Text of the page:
Kyle Tucker made his highly anticipated major league debut on July 7, 2018, against the White Sox at Minute Maid Park. He collected his first major league hit, drove in a run, and scored a run that day despite going hitless in the other four plate appearances. At only 21 years old, the then-top prospect generated a large amount of excitement future with a .891 OPS at Triple-A Fresno. The thought back in the summer of 2018 was that he would (hopefully) soon embrace a prominent role in the lineup and help further enhance the team’s chances of winning another World Series title. Well, the opposite essentially happened as Tucker’s overall performance in his first 72 plate appearances — or 28 games — weren’t exactly inspiring.
- .141/.236/.203, 0 HR, 10 RS, 8.3% BB, 18.1% K, 28 wRC+
A common theme among certain factions of the fanbase in that subsequent offseason was the idea that the Astros could trade Tucker to improve the product at the major league level. After all, the argument was that the club was in the middle of arguably its best window to win another World Series and couldn’t afford to wait on the development of an unproven outfielder. Maybe Tucker’s offensive performance in those first 72 plate appearances could indicate that he wasn’t as good as advertised? The PCL, which was the league that the Fresno Grizzlies played in, was considered friendly towards hitters, not pitchers. Could those impressive numbers be artificially inflated due to park factors? Could he ever adjust to major league pitching or the environment? Did opposing pitchers already have the “book” on how to neutralize him best? In other words, there was a lot of doubt surrounding Tucker’s future among the fans. And don’t you know that fans know best? It was also incredibly frustrating.
The chatter about a trade involving Tucker persisted off-and-on for quite some time. It isn’t a secret that other clubs were probably inquiring about his availability. While former general manager Jeff Luhnow never appeared likely to trade Tucker, you just never knew if — or when — the right deal would come around. Never say never, right? Thankfully, the Astros were always well aware not to let only 72 plate appearances dictate a decision about a player’s future. Put your trust in the player instead and let the development process bear its fruit — good or bad — in due time. Look at the underlying figures and take those into account. It takes much longer than 72 plate appearances for stats to stabilize and obtain a more accurate reading about any hitter.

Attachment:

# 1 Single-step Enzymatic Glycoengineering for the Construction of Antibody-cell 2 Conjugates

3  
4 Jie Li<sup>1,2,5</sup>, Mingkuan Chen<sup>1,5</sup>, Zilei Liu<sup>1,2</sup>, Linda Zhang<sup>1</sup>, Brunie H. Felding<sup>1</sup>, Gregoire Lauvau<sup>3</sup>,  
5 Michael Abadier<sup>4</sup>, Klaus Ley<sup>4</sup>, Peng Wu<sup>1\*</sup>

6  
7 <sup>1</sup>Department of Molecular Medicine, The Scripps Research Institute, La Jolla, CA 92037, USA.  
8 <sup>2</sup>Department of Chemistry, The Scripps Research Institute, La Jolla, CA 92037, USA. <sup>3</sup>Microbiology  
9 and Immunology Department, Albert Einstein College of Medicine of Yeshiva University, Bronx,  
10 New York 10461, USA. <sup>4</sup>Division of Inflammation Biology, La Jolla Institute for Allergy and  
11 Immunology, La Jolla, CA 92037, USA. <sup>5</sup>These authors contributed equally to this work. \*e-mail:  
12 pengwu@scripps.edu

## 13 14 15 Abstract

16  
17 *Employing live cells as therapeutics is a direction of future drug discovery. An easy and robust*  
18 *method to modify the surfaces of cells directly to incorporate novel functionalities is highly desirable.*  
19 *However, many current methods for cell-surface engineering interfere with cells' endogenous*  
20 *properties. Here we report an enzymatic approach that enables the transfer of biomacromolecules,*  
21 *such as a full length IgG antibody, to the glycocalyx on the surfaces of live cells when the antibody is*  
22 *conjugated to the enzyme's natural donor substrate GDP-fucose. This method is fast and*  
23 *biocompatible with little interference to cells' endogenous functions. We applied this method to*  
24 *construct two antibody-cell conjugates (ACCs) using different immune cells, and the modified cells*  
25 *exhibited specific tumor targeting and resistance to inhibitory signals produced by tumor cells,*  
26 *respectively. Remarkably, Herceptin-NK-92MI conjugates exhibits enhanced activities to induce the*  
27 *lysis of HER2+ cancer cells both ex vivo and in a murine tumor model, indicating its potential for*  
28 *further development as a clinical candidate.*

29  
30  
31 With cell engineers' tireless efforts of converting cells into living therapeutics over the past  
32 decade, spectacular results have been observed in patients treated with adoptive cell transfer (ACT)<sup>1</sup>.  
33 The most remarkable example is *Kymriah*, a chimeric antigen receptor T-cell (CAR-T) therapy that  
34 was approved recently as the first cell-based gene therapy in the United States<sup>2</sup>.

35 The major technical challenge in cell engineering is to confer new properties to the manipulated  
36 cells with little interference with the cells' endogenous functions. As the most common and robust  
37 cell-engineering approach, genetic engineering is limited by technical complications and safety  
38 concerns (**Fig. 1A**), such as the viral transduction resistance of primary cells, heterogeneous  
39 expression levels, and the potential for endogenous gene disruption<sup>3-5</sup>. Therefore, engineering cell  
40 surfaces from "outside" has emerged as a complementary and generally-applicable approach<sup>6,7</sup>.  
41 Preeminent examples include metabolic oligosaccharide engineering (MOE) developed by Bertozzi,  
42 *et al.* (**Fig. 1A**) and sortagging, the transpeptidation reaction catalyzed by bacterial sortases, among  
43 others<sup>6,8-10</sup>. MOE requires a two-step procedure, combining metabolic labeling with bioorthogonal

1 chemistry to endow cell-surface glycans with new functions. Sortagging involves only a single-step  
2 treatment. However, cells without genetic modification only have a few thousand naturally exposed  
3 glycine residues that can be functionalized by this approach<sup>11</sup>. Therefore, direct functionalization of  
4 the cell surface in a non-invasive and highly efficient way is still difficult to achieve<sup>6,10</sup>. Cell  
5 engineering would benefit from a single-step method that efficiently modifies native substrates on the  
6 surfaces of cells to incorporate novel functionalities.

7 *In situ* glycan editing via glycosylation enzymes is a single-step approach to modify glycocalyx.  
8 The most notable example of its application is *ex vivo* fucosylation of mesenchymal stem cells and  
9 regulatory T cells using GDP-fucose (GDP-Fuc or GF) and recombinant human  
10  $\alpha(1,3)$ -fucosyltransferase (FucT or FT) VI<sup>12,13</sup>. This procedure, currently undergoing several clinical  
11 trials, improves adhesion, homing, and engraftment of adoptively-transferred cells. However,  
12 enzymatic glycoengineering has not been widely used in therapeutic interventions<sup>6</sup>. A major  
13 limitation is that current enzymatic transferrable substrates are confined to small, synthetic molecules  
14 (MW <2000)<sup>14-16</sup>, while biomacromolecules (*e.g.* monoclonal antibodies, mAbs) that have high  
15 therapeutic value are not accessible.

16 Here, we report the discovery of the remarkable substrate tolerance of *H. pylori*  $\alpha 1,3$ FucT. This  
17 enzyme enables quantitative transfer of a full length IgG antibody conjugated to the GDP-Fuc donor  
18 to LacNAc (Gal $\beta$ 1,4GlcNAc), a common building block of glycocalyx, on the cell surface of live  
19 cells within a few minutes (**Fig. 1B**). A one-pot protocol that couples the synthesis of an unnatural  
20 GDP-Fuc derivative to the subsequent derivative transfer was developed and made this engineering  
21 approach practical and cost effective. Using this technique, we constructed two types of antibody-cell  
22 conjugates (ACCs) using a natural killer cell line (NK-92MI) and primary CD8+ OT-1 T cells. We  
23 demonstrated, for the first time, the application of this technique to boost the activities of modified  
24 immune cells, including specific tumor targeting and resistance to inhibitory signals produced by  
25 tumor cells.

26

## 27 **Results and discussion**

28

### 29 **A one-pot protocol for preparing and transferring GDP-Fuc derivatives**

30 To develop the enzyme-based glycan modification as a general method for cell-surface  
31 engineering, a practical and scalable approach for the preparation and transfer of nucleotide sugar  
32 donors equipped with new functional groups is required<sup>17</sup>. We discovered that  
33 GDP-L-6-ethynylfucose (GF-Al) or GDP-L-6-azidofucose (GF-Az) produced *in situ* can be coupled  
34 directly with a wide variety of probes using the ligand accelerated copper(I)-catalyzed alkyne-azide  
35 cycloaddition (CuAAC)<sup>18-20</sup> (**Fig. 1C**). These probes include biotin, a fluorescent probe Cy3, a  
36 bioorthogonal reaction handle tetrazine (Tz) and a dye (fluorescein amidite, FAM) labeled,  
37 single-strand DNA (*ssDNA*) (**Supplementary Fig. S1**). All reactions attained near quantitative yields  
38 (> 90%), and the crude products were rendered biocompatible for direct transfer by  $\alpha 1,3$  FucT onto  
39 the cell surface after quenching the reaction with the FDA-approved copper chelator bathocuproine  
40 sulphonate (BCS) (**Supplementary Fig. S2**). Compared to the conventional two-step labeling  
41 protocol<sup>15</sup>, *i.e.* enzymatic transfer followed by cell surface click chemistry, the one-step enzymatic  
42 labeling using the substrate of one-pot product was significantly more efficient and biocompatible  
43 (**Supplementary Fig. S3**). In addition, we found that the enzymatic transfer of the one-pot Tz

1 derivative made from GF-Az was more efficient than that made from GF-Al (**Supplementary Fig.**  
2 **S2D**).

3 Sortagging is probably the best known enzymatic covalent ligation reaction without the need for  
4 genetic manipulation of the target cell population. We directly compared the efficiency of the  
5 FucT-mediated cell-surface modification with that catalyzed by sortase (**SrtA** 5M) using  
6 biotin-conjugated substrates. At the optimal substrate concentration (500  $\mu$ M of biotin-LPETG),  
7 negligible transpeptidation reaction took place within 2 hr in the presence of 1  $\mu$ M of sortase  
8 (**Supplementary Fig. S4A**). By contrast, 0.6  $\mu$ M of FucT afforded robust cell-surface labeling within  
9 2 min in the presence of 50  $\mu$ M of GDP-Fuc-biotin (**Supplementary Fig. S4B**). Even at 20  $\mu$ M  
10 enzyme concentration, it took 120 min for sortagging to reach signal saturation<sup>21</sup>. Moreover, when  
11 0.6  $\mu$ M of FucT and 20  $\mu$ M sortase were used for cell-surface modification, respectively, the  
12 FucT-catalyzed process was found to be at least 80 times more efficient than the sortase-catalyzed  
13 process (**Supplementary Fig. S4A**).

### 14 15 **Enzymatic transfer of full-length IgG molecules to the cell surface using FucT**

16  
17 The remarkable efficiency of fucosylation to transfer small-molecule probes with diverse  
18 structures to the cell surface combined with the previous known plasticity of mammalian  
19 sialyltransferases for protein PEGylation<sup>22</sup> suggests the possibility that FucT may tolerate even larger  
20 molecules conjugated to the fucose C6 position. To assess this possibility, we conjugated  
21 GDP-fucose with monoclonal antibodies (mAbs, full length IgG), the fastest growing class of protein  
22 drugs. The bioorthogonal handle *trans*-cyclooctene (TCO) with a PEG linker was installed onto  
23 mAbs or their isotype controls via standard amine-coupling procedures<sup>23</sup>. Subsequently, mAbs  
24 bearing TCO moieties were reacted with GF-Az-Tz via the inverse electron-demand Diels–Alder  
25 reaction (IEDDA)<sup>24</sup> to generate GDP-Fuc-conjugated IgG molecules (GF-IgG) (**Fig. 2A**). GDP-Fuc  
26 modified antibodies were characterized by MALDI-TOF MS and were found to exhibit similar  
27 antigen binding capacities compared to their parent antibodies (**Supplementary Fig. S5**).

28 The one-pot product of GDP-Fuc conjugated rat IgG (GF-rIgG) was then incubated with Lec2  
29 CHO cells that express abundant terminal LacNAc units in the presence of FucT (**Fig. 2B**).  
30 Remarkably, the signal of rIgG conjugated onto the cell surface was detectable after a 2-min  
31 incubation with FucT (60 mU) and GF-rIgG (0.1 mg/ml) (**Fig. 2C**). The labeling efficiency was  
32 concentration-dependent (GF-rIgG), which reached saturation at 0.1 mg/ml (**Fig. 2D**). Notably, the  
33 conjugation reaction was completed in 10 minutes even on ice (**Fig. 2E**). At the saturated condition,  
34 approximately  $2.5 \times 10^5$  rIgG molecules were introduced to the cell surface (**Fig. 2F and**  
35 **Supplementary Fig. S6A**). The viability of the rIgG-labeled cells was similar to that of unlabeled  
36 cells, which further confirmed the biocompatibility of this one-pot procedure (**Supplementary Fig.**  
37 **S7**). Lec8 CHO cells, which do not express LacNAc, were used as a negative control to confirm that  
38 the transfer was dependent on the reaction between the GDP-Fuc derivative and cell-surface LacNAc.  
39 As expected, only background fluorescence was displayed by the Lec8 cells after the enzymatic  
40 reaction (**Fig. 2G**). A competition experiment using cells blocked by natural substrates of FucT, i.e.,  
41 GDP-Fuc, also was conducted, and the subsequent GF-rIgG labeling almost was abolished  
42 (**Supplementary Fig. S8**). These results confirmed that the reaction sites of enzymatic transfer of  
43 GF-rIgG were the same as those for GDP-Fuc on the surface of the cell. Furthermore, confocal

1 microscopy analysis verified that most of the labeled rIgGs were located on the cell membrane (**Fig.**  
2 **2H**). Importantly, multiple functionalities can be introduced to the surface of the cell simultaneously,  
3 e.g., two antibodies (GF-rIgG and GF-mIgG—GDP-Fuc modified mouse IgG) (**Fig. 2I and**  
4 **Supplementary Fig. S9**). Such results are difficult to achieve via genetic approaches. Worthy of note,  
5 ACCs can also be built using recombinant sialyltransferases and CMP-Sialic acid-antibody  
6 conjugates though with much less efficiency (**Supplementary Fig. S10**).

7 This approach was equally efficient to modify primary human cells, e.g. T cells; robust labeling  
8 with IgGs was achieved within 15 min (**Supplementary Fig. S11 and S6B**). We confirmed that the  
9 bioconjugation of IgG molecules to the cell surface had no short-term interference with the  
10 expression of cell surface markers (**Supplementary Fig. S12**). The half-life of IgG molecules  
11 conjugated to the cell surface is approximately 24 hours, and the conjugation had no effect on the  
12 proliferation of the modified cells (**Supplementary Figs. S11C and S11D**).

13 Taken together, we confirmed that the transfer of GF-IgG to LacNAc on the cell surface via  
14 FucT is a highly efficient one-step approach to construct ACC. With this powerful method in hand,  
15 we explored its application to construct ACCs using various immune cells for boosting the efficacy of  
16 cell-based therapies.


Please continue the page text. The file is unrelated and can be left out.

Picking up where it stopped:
Fast forward to the present day in 2021, and the Astros are firmly entrenched atop of the AL West once again. Even with a noticeable talent drain in the past two offseasons, this club remains in a prime position to chase another World Series title. While some of the usual suspects in the lineup are still driving Houston’s success (Jose Altuve, Carlos Correa, and Alex Bregman), there has been a slew of new contributors taking center stage. Yordan Alvarez, for example, is a prominent force in this lineup with his epic moonshot. Michael Brantley remains ever consistent, ever fabulous. Aledmys Díaz stepped up in Bregman’s absence when he was available. A trio of young but unproven outfielders has helped occasionally soften the blow of George Springer’s departure. And Tucker, the prospect some wanted to trade following 72 plate appearances back in 2018, has arguably been a top-twenty hitter in baseball this season. Or, you know, a star.
- .297/.356/.557, 26 HR, 77 RS, 8.6% BB, 15.5% K, 148 wRC+
One glance at the leaderboards demonstrates why one can make such a claim in 2021. Think about it in this manner: Tucker has been near if not as valuable as Aaron Judge this season, at least according to wRC+ and fWAR. Consider the context of Tucker’s debut and the questions surrounding him, some of which were vastly overblown. While he may not look pretty out in the field or the box (hi, Hunter Pence!), one can’t argue against results. If someone claims that a player's aesthetics are crucial to success, tell them nicely to buzz off.
The primary forces behind Tucker’s ascent this season are likely based on his approach at the plate. It probably isn’t a coincidence that his offensive value has risen while his strikeout rate has dropped. It wasn’t like he was exactly struggling in 2019 or 2020, but his numbers have taken a significant leap this year. He’s lifting the ball more into the air based on batted ball percentages and average launch angle. He’s also hitting a healthy amount of barrels, which are good! When he does make contact, he is only hitting into soft contact about 10 percent of the time. For both Tucker and the Astros, those positive trends are splendid news. Another building block for a team that most people hate right now. Don’t you love to see it?